Total nonfarm payroll employment rose by 214,000 in October, and the unemployment rate edged down to 5.8 percent. Employment increased in food services and drinking places, retail trade, and health care. Both the unemployment rate (5.8 percent) and the number of unemployed persons (9.0 million) edged down in October. Since the beginning of the year, the unemployment rate and the number of unemployed persons have declined by 0.8 percentage point and 1.2 million, respectively.
Purchasing Managers’ Index (PMI): as usual I went to the Institute for Supply Management and pulled up their most recent report. Any number above 50 indicates economic growth, and this month’s reading of 59 is very high:
Economic activity in the manufacturing sector expanded in October for the 17th consecutive month, and the overall economy grew for the 65th consecutive month. The October PMI® registered 59 percent, an increase of 2.4 percentage points from September’s reading of 56.6 percent, indicating continued expansion in manufacturing. The New Orders Index registered 65.8 percent, an increase of 5.8 percentage points from the 60 percent reading in September, indicating growth in new orders for the 17th consecutive month. The Production Index registered 64.8 percent, 0.2 percentage point above the September reading of 64.6 percent. The Employment Index grew for the 16th consecutive month, registering 55.5 percent, an increase of 0.9 percentage point above the September reading of 54.6 percent. Inventories of raw materials registered 52.5 percent, an increase of 1 percentage point from the September reading of 51.5 percent, indicating growth in inventories for the third consecutive month. Comments from the panel generally cite positive business conditions, with growth in demand and production volumes.
The following table shows the progression of the PMI over the last year: Yield spreads: I obtain my data for this section from the Cleveland Federal Reserve. This month the Cleveland Fed noted:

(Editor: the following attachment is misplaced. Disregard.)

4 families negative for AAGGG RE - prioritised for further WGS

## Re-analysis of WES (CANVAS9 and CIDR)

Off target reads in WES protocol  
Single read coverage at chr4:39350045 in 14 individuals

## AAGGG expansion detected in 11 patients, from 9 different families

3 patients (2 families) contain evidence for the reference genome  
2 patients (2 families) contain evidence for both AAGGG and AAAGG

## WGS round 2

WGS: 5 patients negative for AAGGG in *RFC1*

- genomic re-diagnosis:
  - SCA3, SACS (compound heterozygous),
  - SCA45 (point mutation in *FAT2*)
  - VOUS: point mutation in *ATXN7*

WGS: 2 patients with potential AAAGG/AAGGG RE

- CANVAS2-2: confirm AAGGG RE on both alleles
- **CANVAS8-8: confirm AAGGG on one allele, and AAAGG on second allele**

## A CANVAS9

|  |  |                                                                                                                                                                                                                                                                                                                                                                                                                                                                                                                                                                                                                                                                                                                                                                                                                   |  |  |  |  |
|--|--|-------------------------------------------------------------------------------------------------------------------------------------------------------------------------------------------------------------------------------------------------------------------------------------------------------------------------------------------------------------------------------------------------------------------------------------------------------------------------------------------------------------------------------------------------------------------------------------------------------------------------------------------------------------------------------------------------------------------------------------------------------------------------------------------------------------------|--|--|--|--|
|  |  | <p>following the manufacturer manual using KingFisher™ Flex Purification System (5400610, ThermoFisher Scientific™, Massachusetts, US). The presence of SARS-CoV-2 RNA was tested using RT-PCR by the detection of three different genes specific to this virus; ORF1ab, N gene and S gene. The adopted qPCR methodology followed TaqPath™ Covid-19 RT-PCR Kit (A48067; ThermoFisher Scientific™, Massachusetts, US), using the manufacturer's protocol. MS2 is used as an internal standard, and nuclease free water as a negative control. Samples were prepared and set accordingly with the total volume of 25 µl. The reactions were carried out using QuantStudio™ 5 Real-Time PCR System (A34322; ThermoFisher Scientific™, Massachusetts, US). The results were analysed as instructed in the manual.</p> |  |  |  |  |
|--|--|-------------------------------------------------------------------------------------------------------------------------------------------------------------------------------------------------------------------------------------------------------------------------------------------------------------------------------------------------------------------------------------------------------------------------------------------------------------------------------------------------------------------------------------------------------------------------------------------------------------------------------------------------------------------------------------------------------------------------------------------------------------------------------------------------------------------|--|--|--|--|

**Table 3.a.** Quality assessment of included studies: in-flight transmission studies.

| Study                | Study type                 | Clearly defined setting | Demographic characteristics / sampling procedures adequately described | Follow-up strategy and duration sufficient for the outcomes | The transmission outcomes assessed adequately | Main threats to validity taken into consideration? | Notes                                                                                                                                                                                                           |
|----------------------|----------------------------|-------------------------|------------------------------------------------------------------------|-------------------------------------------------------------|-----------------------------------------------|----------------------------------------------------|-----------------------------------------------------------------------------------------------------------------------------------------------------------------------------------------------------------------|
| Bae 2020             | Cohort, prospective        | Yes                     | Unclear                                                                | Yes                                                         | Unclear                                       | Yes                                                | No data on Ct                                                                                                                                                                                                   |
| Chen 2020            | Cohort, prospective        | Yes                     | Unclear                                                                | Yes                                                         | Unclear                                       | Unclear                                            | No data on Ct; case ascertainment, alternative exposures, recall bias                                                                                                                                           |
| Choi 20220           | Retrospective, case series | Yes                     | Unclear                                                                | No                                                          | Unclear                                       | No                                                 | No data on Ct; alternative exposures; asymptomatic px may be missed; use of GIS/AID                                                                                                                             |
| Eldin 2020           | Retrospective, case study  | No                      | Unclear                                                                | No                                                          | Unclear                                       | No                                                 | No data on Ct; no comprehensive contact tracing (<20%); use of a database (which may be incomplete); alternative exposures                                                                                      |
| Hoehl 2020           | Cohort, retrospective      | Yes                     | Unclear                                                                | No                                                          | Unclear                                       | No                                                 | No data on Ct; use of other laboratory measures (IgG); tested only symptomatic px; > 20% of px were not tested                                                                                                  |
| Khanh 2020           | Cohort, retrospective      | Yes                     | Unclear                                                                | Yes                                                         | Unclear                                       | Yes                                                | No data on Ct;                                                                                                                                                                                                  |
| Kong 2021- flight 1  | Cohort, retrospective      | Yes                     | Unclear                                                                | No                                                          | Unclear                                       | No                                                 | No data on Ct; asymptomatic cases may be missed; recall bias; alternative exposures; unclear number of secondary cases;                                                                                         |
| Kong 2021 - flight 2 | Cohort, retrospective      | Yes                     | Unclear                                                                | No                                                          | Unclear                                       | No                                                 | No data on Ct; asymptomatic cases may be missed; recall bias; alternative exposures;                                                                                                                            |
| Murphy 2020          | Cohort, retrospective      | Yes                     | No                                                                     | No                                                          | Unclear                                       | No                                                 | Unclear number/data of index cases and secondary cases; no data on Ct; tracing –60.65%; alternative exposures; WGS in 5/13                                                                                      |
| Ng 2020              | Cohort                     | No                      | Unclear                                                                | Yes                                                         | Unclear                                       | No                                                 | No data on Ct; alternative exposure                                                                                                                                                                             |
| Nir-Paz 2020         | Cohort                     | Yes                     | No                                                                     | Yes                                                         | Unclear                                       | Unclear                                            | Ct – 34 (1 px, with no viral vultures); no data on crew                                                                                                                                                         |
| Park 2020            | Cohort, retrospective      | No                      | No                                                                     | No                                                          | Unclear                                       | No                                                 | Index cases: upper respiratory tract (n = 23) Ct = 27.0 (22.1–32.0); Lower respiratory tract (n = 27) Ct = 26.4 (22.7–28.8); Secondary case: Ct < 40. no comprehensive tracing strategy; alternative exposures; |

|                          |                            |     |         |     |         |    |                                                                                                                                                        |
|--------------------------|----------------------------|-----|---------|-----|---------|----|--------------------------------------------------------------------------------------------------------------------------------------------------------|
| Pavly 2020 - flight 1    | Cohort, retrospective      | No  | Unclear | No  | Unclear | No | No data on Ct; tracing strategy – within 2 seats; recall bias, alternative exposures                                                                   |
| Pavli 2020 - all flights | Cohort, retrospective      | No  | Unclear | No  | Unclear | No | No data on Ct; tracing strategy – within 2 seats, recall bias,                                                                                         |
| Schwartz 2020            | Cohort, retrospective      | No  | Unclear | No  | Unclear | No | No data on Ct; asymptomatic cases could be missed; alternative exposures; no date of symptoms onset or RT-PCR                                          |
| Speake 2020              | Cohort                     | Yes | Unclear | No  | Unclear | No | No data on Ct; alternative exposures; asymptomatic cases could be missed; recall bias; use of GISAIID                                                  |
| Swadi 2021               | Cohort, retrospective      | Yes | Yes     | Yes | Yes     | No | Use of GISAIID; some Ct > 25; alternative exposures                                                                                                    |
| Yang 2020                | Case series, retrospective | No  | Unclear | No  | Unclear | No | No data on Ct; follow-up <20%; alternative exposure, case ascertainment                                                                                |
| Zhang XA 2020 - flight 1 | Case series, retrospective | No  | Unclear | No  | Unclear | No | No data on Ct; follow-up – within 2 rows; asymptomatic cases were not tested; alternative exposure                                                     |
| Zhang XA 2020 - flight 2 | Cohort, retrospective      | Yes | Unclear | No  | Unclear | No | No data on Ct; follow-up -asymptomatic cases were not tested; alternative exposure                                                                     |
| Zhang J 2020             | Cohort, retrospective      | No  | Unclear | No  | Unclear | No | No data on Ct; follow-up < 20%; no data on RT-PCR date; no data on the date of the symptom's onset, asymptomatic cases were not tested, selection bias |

Using the yield curve to predict whether or not the economy will be in recession in the future, we estimate that the expected chance of the economy being in a recession next October at 3.42 percent, up from September’s number of1.99 percent and above August’s number of 2.76 percent. So although our approach is somewhat pessimistic with regard to the level of growth over the next year, it is quite optimistic about the recovery continuing.
The below chart shows the historical probability of recession based on where the yield curve is now: Money supply growth: Money Supply M2 (which includes savings deposits, money market mutual funds and other time deposits which can be quickly converted into cash or checking deposits) continues to expand. I obtain this data from the Federal Reserve.
Money Supply M2 in the United States increased to 11422.4 USD Billion in July of 2014 from 11351.40 USD Billion in June of 2014.
The stock market: a trailing indicator as it relates to the economy for the most part, but worth tracking on a monthly basis for signs of significant disruptions. We are setting all-time highs nearly every day, which is good news because highs beget more highs. So again, all of the indicators are pointing in the same direction, and I believe that we remain in the Recovery Phase of the Economic Cycle for all of the reasons which I described in my earlier post on The Business Cycle Theory of Investing. For that reason, I remain 100% invested in the TSP S Fund.
The Other TSP Funds
TSP C Fund: The C Fund will likely perform just fine and roughly parallel to the TSP S Fund, but historically the S Fund will outperform in this phase of the economic cycle. That said, if someone wants to, it probably won’t make much difference to split allocations between the two. In my non-TSP investing, I have started to focus more on large cap ETFs as I believe we are on the cusp of changing phases.
TSP I Fund: Japan has dipped into recession (although I am inclined to believe that it will be shallow and short-lived) and Europe is right on the edge of recession and deflation. If you subscribe to the “buy when the blood is in the streets” theory, it is either time, or soon will be time, to buy before both economies turn positive and the markets roar back. I’m not convinced we are to that point yet, and I think that positive returns from US stock markets are more predictable. I might miss out on a few percentage points if the I Fund really takes off, but in my estimation it is just as likely to go lower first.